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National Pay Inequity Awareness Day
April 11, 1997

Plan Ahead:
Make a Statement about Unfair Pay
on April 11th

by Susan Bianchi-Sand, Executive Director, National Committee on Pay Equity

On April 11, 1997 - - three and a half months into the new year - - women's earnings will finally equal what men made in the previous calendar year. That's just not right and it hurts our families, our communities and our economy - - all of us suffer as a result.

All of us know and understand that unfair pay for women and people of color is rampant within our society - - yet it is very difficult for individuals to stand up and hold employers responsible for this persistent inequity.

To make it easier for women and people of color to speak out against unfair pay, the National Committee on Pay Equity is spearheading an effort to mark April 11th as National Pay Inequity Awareness Day in local communities all across the nation.

On April 11th, women and people of color will come together in local Fair Pay Networks and talk about the impact of unfair pay on themselves, their families and their communities. They will call on business leaders to take more responsibility for ending unfair pay practices. NCPE will help the Fair Pay Networks get organized and will put together educational materials, buttons, postcards and other promotional materials for local groups to use in their own communities.

Each community's implementation of Pay Inequity Day will reflect its own unique flavor, yet all the events will strive to raise public awareness about the wage gap and to press business leaders to review their own compensation systems to ferret out unfair and discriminatory pay policies.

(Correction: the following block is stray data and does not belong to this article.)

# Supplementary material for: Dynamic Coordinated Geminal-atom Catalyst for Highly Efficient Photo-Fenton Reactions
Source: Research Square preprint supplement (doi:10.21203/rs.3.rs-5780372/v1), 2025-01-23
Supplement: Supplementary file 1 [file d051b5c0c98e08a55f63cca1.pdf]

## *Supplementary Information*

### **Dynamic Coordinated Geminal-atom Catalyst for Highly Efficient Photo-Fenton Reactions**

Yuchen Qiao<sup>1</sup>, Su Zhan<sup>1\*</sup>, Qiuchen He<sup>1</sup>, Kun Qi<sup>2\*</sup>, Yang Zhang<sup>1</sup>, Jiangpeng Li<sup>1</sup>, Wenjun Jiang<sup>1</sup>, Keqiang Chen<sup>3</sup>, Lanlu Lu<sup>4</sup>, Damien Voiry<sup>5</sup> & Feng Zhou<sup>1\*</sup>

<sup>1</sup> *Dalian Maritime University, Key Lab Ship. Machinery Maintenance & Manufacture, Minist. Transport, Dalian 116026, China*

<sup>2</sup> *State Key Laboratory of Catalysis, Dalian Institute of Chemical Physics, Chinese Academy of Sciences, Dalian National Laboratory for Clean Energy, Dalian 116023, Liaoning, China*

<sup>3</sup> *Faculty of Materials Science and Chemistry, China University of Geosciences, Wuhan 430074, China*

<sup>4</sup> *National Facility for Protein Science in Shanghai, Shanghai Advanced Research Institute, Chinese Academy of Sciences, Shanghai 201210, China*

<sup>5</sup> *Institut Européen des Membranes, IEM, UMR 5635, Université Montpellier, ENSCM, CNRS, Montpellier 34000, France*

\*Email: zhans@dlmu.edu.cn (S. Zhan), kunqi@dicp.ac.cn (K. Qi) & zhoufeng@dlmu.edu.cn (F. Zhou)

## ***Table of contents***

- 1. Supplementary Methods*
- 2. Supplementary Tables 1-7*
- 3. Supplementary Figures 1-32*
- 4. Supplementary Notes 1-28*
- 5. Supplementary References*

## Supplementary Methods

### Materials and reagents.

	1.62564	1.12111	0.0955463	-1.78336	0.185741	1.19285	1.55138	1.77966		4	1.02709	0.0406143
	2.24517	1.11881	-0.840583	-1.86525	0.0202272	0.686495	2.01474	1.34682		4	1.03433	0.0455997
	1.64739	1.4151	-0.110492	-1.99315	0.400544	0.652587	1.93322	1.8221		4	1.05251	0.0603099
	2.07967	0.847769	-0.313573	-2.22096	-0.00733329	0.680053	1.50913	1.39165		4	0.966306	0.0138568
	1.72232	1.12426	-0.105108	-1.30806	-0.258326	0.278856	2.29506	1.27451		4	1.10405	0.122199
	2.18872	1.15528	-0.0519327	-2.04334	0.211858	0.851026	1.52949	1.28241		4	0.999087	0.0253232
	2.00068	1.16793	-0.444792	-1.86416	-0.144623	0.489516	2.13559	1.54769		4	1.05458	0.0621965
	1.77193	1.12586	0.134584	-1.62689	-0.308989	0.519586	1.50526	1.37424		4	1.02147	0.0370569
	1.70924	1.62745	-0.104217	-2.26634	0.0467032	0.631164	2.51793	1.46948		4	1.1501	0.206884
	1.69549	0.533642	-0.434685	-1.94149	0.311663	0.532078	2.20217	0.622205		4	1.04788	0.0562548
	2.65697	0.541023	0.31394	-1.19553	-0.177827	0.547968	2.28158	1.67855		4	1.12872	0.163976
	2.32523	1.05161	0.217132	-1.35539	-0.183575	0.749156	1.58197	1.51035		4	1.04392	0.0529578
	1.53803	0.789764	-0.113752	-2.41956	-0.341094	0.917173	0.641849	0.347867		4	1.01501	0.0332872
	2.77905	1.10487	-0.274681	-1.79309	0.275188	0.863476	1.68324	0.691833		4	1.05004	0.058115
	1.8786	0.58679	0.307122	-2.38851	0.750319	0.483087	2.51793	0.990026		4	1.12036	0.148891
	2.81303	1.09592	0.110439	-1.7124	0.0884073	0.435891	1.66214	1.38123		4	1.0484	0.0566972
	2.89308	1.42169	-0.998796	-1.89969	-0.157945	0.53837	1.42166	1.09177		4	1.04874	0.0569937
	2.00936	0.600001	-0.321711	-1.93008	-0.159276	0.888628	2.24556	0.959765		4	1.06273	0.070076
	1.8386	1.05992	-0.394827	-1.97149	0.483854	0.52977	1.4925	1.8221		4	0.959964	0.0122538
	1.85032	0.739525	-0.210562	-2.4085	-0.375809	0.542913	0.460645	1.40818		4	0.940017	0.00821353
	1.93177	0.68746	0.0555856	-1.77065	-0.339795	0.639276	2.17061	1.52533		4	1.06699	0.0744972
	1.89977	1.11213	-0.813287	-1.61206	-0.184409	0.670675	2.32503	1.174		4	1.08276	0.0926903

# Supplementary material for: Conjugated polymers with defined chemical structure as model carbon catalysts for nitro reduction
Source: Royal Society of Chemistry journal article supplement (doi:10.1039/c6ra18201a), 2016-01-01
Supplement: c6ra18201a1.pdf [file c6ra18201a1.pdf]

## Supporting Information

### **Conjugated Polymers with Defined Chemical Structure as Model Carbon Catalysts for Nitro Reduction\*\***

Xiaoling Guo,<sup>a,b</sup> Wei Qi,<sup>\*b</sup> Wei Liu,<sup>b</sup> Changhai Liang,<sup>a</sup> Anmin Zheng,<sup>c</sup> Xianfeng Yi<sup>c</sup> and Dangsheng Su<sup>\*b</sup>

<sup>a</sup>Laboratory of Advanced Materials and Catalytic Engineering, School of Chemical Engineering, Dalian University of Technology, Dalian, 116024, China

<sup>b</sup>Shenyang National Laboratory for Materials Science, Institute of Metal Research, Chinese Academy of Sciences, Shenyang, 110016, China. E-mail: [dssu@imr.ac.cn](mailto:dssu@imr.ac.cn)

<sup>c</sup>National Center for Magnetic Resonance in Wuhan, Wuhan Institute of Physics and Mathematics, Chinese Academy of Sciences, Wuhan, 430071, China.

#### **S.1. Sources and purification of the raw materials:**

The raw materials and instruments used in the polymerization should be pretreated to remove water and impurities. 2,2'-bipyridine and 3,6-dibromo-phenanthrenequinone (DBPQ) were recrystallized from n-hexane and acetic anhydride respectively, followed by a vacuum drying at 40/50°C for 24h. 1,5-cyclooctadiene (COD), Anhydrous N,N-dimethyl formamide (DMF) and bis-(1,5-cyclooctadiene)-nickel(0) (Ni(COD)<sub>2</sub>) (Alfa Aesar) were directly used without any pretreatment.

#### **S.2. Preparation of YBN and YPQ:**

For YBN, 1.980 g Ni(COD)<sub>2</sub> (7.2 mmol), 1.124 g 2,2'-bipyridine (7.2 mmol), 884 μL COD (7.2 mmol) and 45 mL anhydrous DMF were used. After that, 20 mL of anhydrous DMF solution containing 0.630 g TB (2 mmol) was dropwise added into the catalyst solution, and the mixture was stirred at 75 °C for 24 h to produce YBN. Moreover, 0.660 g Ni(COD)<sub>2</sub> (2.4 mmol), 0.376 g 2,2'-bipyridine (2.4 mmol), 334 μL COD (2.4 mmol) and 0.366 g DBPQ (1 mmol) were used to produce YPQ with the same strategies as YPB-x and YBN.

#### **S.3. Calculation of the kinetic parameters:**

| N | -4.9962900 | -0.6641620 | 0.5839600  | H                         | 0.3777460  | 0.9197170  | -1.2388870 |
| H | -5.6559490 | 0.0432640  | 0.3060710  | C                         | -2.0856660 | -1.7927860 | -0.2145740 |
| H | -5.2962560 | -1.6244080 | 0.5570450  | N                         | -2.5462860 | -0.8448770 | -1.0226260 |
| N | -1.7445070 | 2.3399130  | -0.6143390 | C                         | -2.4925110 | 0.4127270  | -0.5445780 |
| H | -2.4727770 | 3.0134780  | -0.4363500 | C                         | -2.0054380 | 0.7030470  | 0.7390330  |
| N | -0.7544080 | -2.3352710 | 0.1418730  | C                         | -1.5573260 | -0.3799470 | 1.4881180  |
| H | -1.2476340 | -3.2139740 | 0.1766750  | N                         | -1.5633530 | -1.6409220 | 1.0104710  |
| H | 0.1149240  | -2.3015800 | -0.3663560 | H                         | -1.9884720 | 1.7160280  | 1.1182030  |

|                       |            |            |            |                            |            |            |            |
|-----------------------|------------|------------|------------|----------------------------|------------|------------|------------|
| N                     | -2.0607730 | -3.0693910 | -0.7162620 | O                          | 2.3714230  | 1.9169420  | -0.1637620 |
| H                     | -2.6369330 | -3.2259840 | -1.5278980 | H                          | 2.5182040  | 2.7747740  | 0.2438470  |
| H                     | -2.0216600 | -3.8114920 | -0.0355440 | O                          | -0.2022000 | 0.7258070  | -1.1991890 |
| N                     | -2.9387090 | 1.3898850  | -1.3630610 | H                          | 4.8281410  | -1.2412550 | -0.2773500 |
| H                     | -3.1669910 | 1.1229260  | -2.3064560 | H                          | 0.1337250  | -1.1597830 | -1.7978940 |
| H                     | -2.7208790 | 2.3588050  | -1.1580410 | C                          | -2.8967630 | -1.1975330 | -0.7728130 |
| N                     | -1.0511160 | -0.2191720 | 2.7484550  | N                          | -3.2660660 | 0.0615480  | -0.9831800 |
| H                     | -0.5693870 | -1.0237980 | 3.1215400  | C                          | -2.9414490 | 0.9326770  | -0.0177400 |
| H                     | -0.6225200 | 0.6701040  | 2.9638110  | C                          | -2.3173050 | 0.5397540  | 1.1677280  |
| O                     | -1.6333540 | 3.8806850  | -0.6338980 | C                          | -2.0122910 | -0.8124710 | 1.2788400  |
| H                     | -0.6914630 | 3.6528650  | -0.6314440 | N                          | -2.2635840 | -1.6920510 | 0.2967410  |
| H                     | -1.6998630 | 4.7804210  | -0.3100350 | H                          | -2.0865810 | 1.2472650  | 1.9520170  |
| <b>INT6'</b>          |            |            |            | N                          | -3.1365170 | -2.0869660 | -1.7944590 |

Pay Inequity Day events will include: rallies on the steps of State Capitols; debates and educational briefings about the Fair Pay Act legislation in Congress; circulation of the National Petition for Fair Pay; and organized demonstrations in private work settings, such as a massive ten minute coffee break in the work day for women at 2:40 p.m. to mark the point in an eight hour work day that coincides with the wage gap figure - - 71 percent.

One of the critical problems about pay equity is that many workers employed in private companies have no way of knowing whether their pay is within a fair range. Without basic knowledge of fair pay rates, employees are at a distinct disadvantage in negotiating their pay, and wage discrimination flourishes. Employers will discuss these "market rates" with their competitors, but will not talk about them with employees.

Senator Tom Harkin (D-IA) and Congressman Eleanor Holmes Norton (D-DC) introduced the Fair Pay Act into the 104th Congress to deal with this problem. Both have pledged to re-introduce the legislation when Congress returns next year. This bill would extend the Equal Pay Act's protections against sex-based wage discrimination to cover wage discrimination based on race or national origin; it would require equal pay for equivalent jobs, except where payment is based on seniority or merit systems, or on quanity or quality of production. Class action lawsuits would be easier to file under this proposed law. Employers would be required to maintain pay records for job classifications as well as statistics on sex, race and national origin of the employees within each classification. These reports will not contain individual's names and will become public information. This bill and other solutions to end wage discrimination will be discussed on Pay Inequity Day. We urge you to become a part of the Fair Pay Networks.

For more information about how you can get involved in the April 11th Pay Inequity Day event, contact:

Kelly Jenkins
National Committee on Pay Equity
1126 Sixteenth Street NW
Suite 411
Washington, DC 20036
Phone: (202) 331-7343
E-mail [email protected]

Excerpted from WOMANSWORD, Vol. 1, Issue 11, November, 1996.





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